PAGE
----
Reporting Rare Birds in South Australia

Why submit a record to the South Australian Rarities Committee?
Birds SA aims to maintain a standard of rigour to rare bird sightings through the South Australian Rarities Committee (SARC) and seeks reports for any bird listed on the South Australian Rare Birds Review List or any bird new to the State.

Pale phase Kermadec Petrel.
Pale phase Kermadec Petrel.

Records of rarities are of value to the ornithological community. They contribute to the understanding of distribution limits, migration routes and field identification of many birds. It is important therefore that rare bird records are evaluated and verified.

This committee of Birds SA members, experienced in identification, assesses and votes on submitted records, which are then recorded either as confirmed or unconfirmed; none are rejected.

Confirmed records are incorporated in lists or maps of species occurring in South Australia and all records are retained in the Association’s database.

SARC decisions are not final, do not bind the observer and can be reopened. As with any published report, future information may support a challenge to refute any claim of presence or absence.

What you should do when you encounter a rare bird?
These days it is easiest to take some photographs, even smart phones take good quality pictures, but if you don’t have a smart phone or a camera first take a detailed description. Then get other people to see it, if possible, and obtain documentation such as photos or recordings of any calls.

The sequence in which you do these things will depend on circumstances. If it not possible to get photos or to show other people taking a detailed description is most important. With detailed notes from a clear observation (before consulting a Field Guide) you will often be able to make a correct identification and so will the committee.

Left: Orange-bellied Parrot. Right: Laughing Gull
Left: Orange-bellied Parrot. Right: Laughing Gull

Field notes are best recorded while the bird is in front of you. Sometimes this is possible, such as when watching waders but it may not be so when watching bush birds or seabirds. Approaches vary; some take notes very quickly while the bird is in front of them; others try to absorb every detail before writing it down, preferring to spend every opportune second looking at the bird rather than at a notebook. Do whatever is best for you. The key thing is to get notes down as soon as possible, and in particular, before you have consulted any literature that might subconsciously distort the memories of what you actually saw.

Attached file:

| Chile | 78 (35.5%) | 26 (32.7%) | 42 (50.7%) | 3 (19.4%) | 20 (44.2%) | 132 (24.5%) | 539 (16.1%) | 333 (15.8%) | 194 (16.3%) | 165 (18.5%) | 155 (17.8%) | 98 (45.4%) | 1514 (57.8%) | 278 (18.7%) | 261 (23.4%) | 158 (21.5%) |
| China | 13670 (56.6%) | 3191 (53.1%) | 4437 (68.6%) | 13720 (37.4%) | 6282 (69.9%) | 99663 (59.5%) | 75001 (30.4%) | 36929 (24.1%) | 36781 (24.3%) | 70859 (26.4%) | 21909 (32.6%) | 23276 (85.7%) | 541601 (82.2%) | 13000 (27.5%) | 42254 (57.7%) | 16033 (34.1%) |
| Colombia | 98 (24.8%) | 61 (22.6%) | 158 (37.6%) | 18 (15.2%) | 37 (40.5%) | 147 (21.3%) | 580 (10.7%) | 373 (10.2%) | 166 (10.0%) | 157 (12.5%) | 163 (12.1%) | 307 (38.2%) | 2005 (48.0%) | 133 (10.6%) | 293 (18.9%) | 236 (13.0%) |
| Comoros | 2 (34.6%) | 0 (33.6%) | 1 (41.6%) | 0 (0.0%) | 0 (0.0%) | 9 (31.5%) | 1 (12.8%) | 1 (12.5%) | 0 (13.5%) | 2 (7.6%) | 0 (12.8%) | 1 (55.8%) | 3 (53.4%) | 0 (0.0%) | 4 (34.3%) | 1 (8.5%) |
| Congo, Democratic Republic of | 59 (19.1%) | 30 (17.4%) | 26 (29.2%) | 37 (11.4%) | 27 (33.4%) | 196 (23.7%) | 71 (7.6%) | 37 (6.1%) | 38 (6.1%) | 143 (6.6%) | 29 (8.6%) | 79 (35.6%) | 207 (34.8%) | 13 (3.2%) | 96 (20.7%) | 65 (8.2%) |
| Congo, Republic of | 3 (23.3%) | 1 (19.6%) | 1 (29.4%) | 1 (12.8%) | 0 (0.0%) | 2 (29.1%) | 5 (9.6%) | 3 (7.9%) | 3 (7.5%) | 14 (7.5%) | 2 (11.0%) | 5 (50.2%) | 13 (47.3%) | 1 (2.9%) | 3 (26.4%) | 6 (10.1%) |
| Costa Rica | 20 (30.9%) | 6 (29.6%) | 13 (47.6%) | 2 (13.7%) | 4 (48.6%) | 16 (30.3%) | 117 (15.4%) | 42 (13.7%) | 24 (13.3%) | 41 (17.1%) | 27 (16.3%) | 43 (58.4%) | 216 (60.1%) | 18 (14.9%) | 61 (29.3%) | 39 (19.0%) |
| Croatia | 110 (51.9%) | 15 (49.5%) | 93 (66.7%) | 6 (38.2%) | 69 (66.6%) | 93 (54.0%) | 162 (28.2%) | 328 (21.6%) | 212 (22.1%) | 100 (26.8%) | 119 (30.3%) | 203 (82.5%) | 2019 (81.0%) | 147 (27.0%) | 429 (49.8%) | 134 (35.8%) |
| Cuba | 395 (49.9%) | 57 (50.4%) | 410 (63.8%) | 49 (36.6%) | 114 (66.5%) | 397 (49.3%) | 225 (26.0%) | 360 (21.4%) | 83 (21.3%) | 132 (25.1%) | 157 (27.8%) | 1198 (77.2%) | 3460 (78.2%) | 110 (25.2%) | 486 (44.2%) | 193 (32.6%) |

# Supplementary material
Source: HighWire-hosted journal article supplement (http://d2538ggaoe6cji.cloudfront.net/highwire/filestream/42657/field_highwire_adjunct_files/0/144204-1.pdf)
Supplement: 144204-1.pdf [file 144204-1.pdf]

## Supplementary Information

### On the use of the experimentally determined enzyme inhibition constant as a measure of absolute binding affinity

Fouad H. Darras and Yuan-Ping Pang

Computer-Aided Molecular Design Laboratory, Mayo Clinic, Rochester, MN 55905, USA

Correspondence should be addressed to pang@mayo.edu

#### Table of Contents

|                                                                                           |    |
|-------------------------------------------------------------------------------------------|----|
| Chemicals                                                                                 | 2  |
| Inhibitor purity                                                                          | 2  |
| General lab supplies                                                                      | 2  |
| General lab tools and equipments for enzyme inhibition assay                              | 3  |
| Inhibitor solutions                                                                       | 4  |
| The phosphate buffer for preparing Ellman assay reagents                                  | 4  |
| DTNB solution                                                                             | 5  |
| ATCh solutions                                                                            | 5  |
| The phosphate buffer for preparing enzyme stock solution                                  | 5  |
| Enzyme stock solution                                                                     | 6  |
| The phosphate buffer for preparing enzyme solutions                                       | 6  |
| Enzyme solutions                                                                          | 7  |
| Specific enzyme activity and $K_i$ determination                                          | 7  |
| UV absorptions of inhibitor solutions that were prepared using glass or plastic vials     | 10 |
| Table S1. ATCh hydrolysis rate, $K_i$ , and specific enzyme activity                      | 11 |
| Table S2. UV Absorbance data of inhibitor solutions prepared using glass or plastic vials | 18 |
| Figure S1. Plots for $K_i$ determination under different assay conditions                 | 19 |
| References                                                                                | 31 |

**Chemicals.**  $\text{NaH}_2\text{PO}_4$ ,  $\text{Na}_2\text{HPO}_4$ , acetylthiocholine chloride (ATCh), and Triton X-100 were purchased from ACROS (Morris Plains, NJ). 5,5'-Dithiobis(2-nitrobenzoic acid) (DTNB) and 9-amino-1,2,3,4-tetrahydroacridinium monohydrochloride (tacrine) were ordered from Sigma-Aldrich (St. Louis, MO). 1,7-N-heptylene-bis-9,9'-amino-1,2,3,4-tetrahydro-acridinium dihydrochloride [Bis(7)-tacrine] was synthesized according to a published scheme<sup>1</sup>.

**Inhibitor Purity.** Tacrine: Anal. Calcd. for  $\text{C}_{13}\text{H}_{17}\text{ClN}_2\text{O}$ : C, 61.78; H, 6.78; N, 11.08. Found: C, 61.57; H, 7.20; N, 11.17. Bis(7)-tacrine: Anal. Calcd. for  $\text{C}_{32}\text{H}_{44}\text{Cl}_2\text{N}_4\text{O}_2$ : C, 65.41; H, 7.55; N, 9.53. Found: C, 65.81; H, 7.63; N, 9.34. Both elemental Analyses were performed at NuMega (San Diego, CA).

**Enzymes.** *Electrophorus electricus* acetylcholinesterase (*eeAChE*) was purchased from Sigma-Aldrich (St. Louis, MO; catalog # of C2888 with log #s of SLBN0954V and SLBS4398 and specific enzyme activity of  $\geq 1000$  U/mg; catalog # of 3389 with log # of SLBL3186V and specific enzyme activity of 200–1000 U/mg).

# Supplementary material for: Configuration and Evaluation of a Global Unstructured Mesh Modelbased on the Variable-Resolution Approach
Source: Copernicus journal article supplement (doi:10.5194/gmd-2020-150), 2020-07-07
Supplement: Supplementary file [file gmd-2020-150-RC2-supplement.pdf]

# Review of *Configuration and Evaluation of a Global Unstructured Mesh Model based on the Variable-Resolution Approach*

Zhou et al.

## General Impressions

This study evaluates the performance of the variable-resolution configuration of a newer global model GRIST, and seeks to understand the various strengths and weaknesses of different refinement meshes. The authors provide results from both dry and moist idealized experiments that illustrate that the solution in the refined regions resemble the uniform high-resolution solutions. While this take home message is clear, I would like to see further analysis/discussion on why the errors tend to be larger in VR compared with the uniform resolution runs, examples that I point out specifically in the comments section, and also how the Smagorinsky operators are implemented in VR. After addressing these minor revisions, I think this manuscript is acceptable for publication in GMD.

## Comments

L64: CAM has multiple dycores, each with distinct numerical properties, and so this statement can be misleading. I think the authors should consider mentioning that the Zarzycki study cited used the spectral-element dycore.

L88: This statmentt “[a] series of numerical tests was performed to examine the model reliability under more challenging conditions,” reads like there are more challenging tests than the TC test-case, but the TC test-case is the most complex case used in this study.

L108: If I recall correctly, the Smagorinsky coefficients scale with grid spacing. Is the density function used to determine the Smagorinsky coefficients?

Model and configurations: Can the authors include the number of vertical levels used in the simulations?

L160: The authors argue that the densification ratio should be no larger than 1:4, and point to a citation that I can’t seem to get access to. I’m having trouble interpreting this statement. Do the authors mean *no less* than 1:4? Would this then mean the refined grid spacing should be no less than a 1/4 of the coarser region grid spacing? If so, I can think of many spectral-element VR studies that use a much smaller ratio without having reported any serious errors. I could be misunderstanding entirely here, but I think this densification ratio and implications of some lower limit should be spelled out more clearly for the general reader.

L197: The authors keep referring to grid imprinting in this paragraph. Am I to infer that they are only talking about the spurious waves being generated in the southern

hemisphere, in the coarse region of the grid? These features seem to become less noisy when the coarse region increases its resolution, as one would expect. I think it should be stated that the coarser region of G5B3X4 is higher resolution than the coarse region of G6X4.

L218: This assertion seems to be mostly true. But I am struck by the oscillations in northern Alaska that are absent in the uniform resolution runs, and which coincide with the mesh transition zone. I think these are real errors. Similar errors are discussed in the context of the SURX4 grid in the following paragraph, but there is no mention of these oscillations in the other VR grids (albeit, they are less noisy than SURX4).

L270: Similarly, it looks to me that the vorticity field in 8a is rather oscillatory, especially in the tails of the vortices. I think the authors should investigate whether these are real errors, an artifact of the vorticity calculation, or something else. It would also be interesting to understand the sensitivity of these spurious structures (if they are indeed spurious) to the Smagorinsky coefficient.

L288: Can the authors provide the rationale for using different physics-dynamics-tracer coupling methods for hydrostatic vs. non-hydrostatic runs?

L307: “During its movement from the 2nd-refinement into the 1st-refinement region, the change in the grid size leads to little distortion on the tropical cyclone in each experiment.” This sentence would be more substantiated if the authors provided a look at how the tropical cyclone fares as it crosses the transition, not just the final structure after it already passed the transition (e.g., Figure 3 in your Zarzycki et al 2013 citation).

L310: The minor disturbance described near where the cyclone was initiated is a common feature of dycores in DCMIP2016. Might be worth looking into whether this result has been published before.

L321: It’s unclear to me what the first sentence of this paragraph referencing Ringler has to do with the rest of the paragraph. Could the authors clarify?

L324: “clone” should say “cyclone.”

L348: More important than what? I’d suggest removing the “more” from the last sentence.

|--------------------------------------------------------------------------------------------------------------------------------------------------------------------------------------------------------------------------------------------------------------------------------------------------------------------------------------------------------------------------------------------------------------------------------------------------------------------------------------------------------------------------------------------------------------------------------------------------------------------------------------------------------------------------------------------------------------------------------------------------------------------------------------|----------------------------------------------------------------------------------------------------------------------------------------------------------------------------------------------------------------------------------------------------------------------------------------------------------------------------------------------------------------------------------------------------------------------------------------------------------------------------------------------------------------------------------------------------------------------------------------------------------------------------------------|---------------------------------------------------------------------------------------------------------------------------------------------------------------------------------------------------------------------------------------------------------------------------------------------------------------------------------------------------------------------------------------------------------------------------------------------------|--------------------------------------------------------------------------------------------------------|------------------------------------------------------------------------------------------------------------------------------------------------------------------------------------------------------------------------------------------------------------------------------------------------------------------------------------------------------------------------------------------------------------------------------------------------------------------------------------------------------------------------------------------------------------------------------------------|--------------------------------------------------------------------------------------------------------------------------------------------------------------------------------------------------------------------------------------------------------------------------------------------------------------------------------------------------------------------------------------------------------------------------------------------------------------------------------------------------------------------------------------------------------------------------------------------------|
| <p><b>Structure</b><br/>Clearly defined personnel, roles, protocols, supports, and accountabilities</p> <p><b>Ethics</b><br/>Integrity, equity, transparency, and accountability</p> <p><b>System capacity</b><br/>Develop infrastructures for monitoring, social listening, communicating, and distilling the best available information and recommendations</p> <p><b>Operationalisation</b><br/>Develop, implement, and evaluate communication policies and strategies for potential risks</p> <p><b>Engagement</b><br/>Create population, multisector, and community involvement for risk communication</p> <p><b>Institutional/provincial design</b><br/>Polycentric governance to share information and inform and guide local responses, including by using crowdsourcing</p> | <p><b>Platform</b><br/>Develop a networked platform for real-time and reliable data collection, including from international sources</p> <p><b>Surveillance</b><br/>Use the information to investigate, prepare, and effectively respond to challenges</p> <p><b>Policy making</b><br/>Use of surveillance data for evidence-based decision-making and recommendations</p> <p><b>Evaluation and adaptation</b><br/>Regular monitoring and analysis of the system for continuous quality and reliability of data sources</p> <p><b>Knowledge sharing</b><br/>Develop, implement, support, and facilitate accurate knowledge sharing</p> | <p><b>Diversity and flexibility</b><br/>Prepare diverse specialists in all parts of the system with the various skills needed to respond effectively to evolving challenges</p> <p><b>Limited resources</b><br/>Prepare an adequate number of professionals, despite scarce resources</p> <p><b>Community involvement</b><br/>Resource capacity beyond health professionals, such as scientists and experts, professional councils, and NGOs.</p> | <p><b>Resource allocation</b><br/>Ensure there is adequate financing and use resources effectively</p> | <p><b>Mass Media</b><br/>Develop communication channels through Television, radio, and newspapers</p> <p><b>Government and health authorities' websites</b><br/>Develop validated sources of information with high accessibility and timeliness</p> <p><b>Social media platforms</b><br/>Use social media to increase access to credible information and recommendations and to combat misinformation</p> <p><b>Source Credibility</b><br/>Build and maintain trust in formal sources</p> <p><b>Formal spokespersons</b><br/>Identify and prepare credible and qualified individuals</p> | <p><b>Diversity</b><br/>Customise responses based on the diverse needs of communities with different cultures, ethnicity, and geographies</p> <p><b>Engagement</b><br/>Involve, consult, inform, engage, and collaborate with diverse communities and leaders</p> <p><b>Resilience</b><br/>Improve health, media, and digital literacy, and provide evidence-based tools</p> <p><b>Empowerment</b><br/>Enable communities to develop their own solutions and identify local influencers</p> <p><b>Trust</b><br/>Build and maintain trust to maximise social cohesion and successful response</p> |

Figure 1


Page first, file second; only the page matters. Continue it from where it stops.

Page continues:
Sketches can be valuable and, while some bird observers are better at sketching than others, anyone can improve with practice, and annotations can go a long way to cover any shortcomings.

Left: Pink Robin, Right: Citrine Wagtail
Left: Pink Robin, Right: Citrine Wagtail

Taking notes
Taking detailed notes can help clinch a rare bird sighting if the notes refer to key features of that particular species. Notes on size, shape, plumage, colour of soft parts and behaviour make up a composite description.

It is important to record only what you have seen or heard before reading a Field Guide to check what you should have recognized, since that will distort the memory and diminish the value of your observation.

Left: Painted Honeyeater, Right: White-rumped Sandpiper
Left: Painted Honeyeater, Right: White-rumped Sandpiper

Descriptions that lack some seemingly important details may yet be reckoned confirmed, provided the information supplied is sufficient for correct identification and will exclude other possibilities.

Obviously, it is desirable to record as much as possible of the bird. Consider also reporting any rarity found by others, since the finder may not do so or will miss aspects that you detect. A submission of a rarity may include notes taken by several observers, and this can enhance its prospect of being confirmed.

Left: Eastern Grass Owl, Right: Antarctic Tern
Left: Eastern Grass Owl, Right: Antarctic Tern

What is expected in a Submission?
A Rare Bird Record Report Form can be downloaded and saved from the Birds SA website and will help you to provide the information needed.

Descriptions will be accepted in other formats, such as including a photocopy or transcription of your field notes with a partially completed Rare Bird Record Form.

Send your completed submission including any photographs, notes from other observers or any other relevant material to:

Colin Rogers: email to twitchercolin@gmail.com

How long will it take?
This will depend upon the complexity and nature of the submission. Sometimes it is necessary to seek expert advice from outside ornithologists. Generally, a result will take no longer than 2 months and the observer will be the first to know.

View the list of cases

How are records published?
A rare bird record may be announced at Birds SA meetings and may be published in the Newsletter but will carry a qualifier “subject to review by the South Australian Rarities Committee”. When a record is confirmed this will be posted on the website and reported in the Newsletter and the Annual Bird Report.

South Australian Rarities Committee Members 2020
Colin Rogers (Chair)
Graham Carpenter
Bob Green
David Harper
John Hatch
Merilyn Browne
Lynn Pedler
Sam Gordon
Ian Reid

Updated: 17/08/2020